When it comes to distracted driving laws, the Yukon can’t even see the taillights of other provinces.
Most Canadian jurisdictions and many US states have banned the use of handheld devices while driving.
Last fall, British Columbia made changes to its Motor Vehicle Act. Drivers can no longer hold or operate devices such as cellphones, MP3 players or GPS systems.
Before the law was implemented, CHEK News in Victoria, BC, aired a video of a woman it caught driving with her knees while texting. She passed the spot where a 26-year-old man died earlier that year after he got in a crash while texting.
Reaching for something in the car while driving makes you nine times more likely to crash, according to the Yukon’s Highway and Public Works website.
Applying makeup makes you three times more likely to crash.
And if you’re paying attention to things outside the vehicle, you are 3.7 times more likely to get in an accident.
Clearly driving while distracted is dangerous, but before the territory implements any laws it’s looking for the public’s opinion.
Highways and Public Works is sending Yukoners a voluntary survey asking questions like, “Should police have the authority to inspect electronic devices found in a vehicle to see if they were being used by a driver prior to a crash?”
Also, respondents are asked which distractions they believe are unacceptable. The checklist includes talking on a cellphone, using a laptop computer or using an electronic gaming device. Then it asks if police should be able to charge drivers for these activities.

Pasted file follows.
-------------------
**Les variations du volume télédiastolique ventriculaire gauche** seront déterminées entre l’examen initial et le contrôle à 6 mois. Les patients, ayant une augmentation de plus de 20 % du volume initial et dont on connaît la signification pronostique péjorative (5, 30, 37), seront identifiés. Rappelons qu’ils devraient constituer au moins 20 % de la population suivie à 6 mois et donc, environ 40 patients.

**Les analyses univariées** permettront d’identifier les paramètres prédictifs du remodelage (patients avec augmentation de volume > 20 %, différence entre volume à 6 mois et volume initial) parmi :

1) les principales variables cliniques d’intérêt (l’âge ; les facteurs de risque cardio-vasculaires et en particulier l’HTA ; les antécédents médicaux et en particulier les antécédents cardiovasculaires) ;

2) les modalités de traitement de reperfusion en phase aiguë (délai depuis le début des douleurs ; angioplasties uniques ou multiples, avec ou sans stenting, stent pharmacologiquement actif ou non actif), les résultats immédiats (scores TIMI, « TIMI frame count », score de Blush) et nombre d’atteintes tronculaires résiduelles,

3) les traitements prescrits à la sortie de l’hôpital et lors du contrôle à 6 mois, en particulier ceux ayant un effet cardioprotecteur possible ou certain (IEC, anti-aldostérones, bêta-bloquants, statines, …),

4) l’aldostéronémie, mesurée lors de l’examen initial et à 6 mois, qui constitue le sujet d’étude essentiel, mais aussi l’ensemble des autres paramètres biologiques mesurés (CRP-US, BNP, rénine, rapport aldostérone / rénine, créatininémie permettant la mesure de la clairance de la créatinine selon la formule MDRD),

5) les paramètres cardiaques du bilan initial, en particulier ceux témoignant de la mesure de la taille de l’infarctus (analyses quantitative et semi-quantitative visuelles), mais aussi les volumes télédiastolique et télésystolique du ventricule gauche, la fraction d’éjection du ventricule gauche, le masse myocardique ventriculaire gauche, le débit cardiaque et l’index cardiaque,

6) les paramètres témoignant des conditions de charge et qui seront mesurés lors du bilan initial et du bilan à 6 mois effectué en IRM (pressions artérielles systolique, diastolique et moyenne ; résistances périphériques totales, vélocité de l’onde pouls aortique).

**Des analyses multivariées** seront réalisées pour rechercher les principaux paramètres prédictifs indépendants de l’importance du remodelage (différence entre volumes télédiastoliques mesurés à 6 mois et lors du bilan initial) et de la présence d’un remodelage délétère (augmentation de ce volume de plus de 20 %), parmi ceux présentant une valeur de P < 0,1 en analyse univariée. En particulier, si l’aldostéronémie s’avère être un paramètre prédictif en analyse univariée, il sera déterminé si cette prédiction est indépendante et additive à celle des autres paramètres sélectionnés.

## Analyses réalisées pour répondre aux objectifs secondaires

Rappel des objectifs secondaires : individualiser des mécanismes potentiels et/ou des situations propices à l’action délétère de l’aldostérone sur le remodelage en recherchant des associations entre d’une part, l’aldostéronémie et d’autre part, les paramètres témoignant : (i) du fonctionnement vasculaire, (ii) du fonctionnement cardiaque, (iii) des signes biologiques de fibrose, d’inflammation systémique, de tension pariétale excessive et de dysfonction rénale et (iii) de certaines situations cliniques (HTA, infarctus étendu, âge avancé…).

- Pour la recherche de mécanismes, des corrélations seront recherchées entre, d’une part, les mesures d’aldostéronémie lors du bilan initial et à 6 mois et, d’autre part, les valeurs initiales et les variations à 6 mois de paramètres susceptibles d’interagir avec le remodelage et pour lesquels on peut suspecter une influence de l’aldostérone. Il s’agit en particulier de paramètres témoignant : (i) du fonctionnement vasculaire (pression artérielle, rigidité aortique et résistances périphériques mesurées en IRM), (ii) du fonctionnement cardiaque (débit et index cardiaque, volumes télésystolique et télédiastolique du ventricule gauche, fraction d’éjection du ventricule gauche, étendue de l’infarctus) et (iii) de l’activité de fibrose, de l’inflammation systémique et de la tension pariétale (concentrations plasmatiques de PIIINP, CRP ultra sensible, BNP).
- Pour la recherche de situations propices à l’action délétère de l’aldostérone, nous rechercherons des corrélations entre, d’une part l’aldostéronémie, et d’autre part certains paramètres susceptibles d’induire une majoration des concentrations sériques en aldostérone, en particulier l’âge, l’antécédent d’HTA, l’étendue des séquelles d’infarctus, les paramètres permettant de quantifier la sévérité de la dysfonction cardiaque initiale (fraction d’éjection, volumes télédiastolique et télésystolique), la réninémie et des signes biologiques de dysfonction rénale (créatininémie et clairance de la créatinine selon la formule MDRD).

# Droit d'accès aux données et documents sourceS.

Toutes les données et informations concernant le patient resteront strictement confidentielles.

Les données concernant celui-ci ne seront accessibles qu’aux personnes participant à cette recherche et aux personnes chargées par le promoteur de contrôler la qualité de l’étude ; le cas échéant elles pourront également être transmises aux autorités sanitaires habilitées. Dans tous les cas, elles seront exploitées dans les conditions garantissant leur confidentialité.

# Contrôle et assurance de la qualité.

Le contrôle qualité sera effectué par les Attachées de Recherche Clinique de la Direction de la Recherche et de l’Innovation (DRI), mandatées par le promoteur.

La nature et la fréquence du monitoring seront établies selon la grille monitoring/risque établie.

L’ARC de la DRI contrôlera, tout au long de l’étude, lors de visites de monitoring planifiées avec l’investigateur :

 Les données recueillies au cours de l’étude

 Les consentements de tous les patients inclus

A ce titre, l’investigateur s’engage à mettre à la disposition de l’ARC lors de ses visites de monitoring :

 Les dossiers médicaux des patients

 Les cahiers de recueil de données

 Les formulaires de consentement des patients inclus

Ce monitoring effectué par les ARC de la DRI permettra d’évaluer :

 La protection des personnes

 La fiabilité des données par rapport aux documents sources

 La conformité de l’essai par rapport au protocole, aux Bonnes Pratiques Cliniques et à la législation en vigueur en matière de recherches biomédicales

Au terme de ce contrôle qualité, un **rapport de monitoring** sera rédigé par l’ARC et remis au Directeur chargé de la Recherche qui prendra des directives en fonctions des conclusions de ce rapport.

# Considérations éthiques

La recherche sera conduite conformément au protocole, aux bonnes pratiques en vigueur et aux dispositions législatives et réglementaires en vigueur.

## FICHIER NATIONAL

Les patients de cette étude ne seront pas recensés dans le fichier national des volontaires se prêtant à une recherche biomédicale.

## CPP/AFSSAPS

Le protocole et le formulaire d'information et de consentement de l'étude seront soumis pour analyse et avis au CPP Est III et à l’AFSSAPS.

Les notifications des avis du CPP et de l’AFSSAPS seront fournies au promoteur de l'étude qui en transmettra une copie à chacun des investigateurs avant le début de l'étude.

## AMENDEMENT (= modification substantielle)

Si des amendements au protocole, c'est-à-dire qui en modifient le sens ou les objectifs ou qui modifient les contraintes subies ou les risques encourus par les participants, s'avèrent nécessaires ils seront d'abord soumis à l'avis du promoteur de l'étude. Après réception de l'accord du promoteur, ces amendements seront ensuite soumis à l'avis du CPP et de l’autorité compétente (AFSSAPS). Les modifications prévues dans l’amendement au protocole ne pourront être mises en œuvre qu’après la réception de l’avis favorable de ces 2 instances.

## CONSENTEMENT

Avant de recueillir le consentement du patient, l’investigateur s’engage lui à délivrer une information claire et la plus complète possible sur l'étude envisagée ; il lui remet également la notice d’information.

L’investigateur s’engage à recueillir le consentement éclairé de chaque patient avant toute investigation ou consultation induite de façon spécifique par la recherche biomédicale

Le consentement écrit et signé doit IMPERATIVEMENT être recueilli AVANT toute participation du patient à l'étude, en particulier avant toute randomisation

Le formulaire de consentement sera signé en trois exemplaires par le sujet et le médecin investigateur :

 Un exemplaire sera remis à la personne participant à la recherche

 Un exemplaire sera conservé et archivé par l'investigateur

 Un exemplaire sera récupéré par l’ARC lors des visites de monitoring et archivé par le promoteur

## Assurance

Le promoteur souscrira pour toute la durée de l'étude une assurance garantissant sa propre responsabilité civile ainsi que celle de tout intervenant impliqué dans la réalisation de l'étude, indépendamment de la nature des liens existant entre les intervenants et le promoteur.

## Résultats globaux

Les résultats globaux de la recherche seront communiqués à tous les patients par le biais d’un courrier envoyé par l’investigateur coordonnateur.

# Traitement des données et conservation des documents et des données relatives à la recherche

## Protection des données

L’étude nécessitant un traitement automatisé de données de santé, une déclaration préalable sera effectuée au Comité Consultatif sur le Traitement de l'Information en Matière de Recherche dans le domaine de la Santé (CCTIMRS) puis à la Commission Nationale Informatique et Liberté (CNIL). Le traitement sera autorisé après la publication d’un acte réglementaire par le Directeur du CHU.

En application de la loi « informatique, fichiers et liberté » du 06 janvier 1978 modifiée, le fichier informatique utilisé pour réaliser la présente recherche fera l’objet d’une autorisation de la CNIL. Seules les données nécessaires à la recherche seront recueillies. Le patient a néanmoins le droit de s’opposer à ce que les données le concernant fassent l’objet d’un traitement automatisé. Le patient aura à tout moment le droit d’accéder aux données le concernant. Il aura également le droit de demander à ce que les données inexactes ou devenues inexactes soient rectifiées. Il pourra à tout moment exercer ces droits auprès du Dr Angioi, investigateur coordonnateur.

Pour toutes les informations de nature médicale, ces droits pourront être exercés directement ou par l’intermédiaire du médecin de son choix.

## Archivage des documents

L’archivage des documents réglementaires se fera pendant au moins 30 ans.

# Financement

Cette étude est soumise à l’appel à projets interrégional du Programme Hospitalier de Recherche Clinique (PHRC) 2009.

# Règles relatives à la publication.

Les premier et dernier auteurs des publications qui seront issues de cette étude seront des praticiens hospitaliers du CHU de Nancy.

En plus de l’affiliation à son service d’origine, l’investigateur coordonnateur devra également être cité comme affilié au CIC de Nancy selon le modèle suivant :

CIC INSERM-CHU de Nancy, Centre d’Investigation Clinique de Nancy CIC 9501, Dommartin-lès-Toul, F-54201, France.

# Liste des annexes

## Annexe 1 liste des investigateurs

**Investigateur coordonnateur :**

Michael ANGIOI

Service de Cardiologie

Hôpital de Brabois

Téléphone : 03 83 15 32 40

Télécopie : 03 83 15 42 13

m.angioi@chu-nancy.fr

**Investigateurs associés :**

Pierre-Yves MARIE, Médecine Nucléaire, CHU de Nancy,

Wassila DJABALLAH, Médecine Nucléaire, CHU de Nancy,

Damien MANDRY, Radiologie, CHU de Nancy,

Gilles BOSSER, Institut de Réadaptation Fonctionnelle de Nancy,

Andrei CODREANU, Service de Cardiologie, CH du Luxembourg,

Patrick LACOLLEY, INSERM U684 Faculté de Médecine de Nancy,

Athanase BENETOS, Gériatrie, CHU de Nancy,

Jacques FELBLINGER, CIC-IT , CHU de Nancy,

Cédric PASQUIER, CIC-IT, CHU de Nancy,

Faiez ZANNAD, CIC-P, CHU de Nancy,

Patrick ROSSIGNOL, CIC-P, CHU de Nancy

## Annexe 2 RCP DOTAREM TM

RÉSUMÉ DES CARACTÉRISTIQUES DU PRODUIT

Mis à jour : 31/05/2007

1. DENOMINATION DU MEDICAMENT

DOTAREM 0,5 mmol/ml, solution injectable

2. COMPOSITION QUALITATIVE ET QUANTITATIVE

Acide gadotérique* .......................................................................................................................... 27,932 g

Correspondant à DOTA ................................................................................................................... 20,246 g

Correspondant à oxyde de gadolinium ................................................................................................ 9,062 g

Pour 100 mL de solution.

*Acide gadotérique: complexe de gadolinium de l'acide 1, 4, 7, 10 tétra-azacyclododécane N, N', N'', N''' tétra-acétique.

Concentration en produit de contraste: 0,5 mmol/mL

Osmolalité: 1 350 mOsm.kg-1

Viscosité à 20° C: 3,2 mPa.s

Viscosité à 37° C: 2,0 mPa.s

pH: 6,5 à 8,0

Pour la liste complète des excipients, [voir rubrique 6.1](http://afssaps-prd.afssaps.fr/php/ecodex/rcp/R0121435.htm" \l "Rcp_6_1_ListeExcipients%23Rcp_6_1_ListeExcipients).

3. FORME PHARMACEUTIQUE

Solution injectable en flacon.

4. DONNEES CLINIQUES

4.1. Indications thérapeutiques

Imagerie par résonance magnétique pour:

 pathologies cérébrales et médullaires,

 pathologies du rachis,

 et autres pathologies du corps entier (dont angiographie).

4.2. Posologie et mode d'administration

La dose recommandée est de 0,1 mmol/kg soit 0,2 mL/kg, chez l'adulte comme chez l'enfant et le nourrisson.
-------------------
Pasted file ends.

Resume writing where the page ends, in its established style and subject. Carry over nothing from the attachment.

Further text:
Other provinces allow emergency workers, such as police, paramedics and firefighters, to use electronic devices while driving. Participants can check off which other workers among bus drivers, taxi drivers and commercial truck drivers, if any, should be able to use gadgets as well.
A motion was passed in the legislature last year to get public input before any changes are made to the Yukon Motor Vehicles Act, said Vern Janz, director of transport services.
“I don’t think implementing new legislation without consultation is a good idea.”
Depending on the results, laws banning handheld devices, similar to those in other provinces, may be considered.
“The results will be used for proposing some options for drafting and requesting some direction on which flavours of legislation we may go ahead with, or may not go ahead with,” said Janz.
The survey arrived or will arrive in mailboxes this week. The deadline for response is August 13.
There’s no word on whether completing a survey while driving is considered a distraction.
Contact Larissa Robyn Johnston at firstname.lastname@example.org